> DOES it matter if a bull or cow is
> the registered parent?
I was under the impression that an F-1 cross refered to the cross of 2 registered animals of different breeds. An Angus/Hereford F-1 cross would be an Angus Bull crossed with a Hereford cow. The F-1 designation allows breeders to trace the ancestery more easily. Perhaps some one more knowledgible will be able to shed more light. I will be interested in reading future responses. Thanks for listening,
F1 is a biological term for the first filial generation that results from crossing two purebreds of anything, beans or cattle. It's not just a term for cattle. Examples of F1 cattle would be a purebred Angus X purebred Hereford. Both parents must be purebred to get a true F1....
> What do people mean when they
> refer to cattle as F-1? Thanks.
I am going to weigh in on this subject with my understanding of the subject, but take what I say with a grain of salt as I am an Ag Engineer and not a geneticis.
The F-1 designation identifies an offspring as a first generation cross of two genetically different breeds. Its importance to the cattle industry comes from the fact that a normal F-1 cross resulting from two purebred parents will exhibit the maximum amount of hybred vigor which usually results in increased rate of gain, increased fertility, etc.
If one or both of the parents are a crossbred, then while you still technically have a crossbred offspring, it will have a reduced amount of hybred vigor and will not be an F-1 unless a third/fourth breed was introduced without any or the original 2 breeds being reintroduced. (ie. angusXherford animal bred to a charolais or charolaisX(non-angus or herford) that didn't have any angus or herford breeding would technically still be an F-1)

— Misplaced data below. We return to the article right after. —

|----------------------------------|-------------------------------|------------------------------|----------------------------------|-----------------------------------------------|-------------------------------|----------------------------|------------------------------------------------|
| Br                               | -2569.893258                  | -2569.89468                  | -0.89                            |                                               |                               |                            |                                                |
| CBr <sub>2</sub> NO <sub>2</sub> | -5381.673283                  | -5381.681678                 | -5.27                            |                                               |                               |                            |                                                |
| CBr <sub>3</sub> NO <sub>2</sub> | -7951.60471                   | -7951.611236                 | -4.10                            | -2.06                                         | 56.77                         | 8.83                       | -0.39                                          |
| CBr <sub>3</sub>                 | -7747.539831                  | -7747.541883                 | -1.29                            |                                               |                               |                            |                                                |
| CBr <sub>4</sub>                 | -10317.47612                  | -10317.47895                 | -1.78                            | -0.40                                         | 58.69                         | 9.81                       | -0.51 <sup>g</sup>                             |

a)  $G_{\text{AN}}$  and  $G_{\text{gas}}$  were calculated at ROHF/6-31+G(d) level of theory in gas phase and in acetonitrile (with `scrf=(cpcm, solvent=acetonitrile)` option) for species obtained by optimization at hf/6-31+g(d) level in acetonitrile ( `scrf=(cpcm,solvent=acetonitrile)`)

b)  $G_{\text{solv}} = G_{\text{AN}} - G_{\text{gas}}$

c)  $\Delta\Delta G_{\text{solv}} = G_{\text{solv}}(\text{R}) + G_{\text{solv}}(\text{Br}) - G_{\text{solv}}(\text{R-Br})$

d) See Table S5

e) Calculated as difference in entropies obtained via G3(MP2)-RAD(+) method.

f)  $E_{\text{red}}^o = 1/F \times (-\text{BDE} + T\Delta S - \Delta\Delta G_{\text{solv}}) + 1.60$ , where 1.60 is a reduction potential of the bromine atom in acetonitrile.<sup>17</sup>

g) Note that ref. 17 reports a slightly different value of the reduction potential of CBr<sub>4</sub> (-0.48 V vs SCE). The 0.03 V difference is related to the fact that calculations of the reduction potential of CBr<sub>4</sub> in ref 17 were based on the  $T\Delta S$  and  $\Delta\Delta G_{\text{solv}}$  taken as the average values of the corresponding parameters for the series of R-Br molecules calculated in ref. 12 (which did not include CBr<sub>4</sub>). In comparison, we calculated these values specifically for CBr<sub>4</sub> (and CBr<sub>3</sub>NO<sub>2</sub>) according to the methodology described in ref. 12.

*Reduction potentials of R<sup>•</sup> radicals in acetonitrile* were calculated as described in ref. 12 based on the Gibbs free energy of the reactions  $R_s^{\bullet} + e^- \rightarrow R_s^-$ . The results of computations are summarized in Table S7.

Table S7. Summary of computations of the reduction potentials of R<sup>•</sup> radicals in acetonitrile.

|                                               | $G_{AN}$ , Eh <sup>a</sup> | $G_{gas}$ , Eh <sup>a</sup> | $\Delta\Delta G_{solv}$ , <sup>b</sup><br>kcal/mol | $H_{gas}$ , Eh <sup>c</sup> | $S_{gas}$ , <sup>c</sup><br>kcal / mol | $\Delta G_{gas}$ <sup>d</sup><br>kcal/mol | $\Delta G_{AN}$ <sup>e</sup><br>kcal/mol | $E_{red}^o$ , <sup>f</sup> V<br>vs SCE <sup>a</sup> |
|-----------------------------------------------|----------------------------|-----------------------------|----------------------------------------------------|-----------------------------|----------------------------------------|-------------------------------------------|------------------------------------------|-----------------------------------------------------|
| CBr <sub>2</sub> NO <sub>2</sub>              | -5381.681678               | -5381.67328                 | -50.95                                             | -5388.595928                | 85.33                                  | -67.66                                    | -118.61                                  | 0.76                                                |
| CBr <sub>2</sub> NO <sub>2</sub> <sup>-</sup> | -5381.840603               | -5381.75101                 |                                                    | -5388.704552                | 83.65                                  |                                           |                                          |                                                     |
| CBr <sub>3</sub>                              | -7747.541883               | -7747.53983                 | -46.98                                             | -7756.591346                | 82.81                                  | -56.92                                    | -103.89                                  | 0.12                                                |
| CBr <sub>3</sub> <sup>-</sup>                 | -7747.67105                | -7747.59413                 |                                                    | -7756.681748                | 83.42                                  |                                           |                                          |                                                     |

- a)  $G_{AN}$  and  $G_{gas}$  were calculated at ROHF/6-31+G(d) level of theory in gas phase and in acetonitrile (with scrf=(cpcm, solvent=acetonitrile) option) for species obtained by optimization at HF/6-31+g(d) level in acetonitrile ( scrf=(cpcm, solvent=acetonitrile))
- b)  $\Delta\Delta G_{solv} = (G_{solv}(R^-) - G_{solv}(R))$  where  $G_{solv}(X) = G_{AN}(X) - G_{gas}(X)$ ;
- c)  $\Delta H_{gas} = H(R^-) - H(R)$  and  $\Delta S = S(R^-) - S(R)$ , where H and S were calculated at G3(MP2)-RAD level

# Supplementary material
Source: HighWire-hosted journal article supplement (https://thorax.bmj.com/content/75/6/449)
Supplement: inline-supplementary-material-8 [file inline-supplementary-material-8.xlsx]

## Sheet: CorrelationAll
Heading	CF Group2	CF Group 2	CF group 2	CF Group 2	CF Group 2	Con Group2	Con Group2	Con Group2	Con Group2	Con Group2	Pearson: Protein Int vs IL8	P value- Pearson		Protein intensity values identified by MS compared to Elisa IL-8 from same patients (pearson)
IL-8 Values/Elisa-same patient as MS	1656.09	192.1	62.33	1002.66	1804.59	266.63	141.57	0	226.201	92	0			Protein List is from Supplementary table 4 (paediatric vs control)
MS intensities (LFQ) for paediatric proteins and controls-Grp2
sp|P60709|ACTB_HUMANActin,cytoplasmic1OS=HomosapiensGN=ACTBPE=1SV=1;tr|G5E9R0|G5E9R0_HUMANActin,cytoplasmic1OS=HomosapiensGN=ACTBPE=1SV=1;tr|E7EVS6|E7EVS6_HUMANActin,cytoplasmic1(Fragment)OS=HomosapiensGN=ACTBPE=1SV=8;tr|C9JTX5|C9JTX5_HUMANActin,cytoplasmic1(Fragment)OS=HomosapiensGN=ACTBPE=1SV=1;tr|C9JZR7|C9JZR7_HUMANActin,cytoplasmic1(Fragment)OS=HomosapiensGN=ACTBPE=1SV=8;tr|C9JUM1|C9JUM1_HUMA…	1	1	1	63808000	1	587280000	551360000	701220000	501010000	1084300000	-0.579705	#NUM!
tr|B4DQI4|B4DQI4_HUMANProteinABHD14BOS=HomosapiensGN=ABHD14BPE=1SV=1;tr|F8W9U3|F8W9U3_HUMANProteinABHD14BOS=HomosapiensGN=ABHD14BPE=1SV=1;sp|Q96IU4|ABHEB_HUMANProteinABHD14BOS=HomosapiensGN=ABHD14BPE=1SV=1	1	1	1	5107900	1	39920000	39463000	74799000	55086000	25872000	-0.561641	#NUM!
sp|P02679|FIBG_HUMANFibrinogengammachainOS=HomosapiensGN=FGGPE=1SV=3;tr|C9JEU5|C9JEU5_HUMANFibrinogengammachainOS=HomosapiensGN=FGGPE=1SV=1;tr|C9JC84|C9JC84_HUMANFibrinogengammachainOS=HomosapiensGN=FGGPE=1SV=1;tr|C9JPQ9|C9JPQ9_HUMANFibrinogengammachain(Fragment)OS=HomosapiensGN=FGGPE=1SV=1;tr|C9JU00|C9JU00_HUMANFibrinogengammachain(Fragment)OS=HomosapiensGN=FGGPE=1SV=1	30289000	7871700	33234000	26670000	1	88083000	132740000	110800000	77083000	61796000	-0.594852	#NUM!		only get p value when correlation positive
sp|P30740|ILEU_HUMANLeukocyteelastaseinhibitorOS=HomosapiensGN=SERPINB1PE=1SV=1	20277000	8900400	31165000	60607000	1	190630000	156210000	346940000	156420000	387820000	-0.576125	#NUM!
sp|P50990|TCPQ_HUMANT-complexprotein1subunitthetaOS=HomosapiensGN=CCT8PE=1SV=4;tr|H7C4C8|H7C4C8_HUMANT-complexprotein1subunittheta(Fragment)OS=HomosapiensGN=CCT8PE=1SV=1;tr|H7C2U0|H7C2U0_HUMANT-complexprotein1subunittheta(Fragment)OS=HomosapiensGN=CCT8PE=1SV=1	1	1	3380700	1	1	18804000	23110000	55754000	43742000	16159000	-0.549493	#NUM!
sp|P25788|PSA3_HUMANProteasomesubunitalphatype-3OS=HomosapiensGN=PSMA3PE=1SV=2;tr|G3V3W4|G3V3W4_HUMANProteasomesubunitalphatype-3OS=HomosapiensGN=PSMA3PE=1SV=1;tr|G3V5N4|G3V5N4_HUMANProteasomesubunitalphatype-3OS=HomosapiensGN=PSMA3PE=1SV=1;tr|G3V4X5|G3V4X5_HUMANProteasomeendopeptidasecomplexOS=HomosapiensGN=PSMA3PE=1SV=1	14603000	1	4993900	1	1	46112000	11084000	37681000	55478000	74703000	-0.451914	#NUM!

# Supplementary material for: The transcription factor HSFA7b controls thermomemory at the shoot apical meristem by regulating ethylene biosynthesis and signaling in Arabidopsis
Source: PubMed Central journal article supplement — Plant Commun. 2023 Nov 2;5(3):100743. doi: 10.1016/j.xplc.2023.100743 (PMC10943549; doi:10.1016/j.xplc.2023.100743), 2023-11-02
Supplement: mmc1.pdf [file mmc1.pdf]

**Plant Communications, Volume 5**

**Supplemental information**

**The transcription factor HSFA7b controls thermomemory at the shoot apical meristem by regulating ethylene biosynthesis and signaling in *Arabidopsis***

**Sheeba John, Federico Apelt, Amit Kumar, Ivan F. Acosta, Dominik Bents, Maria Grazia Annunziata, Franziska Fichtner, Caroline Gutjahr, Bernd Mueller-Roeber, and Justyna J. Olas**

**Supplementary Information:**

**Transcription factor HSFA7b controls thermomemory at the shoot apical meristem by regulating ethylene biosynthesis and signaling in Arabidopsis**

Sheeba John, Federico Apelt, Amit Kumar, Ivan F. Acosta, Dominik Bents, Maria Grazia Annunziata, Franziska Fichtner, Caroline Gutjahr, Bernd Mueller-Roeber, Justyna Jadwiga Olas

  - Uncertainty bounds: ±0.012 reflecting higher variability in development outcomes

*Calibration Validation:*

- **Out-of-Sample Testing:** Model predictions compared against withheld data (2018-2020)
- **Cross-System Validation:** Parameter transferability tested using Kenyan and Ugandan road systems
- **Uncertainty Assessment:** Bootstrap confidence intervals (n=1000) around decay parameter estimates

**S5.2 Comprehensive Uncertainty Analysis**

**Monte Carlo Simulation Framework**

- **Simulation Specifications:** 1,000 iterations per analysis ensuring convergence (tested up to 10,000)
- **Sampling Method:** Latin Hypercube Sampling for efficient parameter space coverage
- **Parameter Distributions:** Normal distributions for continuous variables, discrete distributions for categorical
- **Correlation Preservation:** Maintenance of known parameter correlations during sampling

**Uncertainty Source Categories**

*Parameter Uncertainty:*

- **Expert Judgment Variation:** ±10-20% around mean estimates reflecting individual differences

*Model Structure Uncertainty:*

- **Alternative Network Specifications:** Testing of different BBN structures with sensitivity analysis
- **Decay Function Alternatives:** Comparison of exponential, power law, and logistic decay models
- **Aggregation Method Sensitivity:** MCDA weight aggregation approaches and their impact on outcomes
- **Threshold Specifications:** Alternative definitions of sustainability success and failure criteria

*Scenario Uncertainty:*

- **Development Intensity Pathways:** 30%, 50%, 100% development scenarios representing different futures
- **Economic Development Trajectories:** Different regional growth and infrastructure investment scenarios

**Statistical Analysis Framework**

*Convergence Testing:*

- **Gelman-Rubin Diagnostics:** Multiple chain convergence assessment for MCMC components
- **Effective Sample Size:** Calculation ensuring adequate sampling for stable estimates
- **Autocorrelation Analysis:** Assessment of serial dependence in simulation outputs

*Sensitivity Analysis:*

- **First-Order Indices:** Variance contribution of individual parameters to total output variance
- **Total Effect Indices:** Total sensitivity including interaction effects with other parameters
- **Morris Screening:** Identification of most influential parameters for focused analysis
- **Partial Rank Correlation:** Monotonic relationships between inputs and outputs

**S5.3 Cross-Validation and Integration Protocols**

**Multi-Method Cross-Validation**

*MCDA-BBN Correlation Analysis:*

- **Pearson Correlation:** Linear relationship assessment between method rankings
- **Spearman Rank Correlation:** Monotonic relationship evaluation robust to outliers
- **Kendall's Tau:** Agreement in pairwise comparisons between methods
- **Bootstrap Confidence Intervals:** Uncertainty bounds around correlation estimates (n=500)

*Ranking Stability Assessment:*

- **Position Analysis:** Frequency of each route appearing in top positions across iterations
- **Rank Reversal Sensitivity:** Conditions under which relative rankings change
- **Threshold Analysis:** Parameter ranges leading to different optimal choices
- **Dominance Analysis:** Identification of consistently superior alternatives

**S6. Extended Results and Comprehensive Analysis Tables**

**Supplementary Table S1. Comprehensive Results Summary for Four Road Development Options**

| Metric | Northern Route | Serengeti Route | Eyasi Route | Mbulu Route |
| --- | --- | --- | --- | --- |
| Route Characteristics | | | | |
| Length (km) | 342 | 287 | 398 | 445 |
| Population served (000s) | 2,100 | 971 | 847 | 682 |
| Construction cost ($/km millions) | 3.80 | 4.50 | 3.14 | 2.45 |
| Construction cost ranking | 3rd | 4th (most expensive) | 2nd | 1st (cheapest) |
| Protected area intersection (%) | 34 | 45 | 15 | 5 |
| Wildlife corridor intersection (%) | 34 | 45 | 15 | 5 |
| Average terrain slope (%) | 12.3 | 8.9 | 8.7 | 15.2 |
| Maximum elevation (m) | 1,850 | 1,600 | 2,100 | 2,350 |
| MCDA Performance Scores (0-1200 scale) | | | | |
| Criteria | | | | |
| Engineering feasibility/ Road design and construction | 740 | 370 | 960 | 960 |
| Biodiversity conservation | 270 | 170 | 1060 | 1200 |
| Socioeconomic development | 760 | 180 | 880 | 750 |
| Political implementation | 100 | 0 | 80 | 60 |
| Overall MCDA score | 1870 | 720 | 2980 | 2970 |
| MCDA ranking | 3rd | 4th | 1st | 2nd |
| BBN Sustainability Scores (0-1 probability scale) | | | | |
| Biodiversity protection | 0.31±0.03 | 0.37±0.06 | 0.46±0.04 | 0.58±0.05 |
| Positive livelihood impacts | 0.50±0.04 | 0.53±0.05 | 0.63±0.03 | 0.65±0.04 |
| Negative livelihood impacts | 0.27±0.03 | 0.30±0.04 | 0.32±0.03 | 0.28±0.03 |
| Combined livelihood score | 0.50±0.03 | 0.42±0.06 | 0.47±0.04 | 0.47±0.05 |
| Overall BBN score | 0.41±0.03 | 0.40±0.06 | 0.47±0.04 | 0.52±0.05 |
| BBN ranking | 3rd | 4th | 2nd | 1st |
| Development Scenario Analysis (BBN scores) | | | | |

Sorry about the length and if I am wrong please correct me.
Frankie's post is most correct. The F1 is the first filial relationship in a cross.
When a third or fourth breed is introduced the designation becomes F2, or F3.
Maximum heterosis is achieved when a true F1 is bred to a third breed. The resultant offspring should usually be sold and not used for further breeding, but by going back to one of the first 2 components of the original F1, a decent result can be obtained.
Moving strictly into cattle, the problem that has occured in North America is that most ranchers never learned proper crossbreeding techniques. They move from one breed to the next, sometimes even breeding multiple breeds at the same time. When the 4th breed is introduced, heterosis is actually reduced, making straightbred or F1's superior in most every trait.
Finally after years of mongrel cattle the nations cowherd is being cleaned up by using one breed more than others, Angus.
Why Angus? Angus is a maternal breed that has good feed conversion and excellent carcass traits, along with a vast gene pool and accurate epd's. Once ranches have used Angus for 2 or 3 generations, they can embark on limited crossbreeding again to use heterosis to their advantage.
An alternative to this approach would be to purchase straightbred heifers or true F1 crosses from herds that never got carried away with multiple crosses.
Jason Trowbridge Southern Angus Farms Alberta Canada
> I was under the impression that an
> F-1 cross refered to the cross of
> 2 registered animals of different
> breeds. An Angus/Hereford F-1
> cross would be an Angus Bull
> crossed with a Hereford cow. The
> F-1 designation allows breeders to
> trace the ancestery more easily.
> Perhaps some one more knowledgible
> will be able to shed more light. I
> will be interested in reading
> future responses. Thanks for
A true F-1 is a cross between two different purebreds. F-2 is Purebred X F-1. F-3.....etc.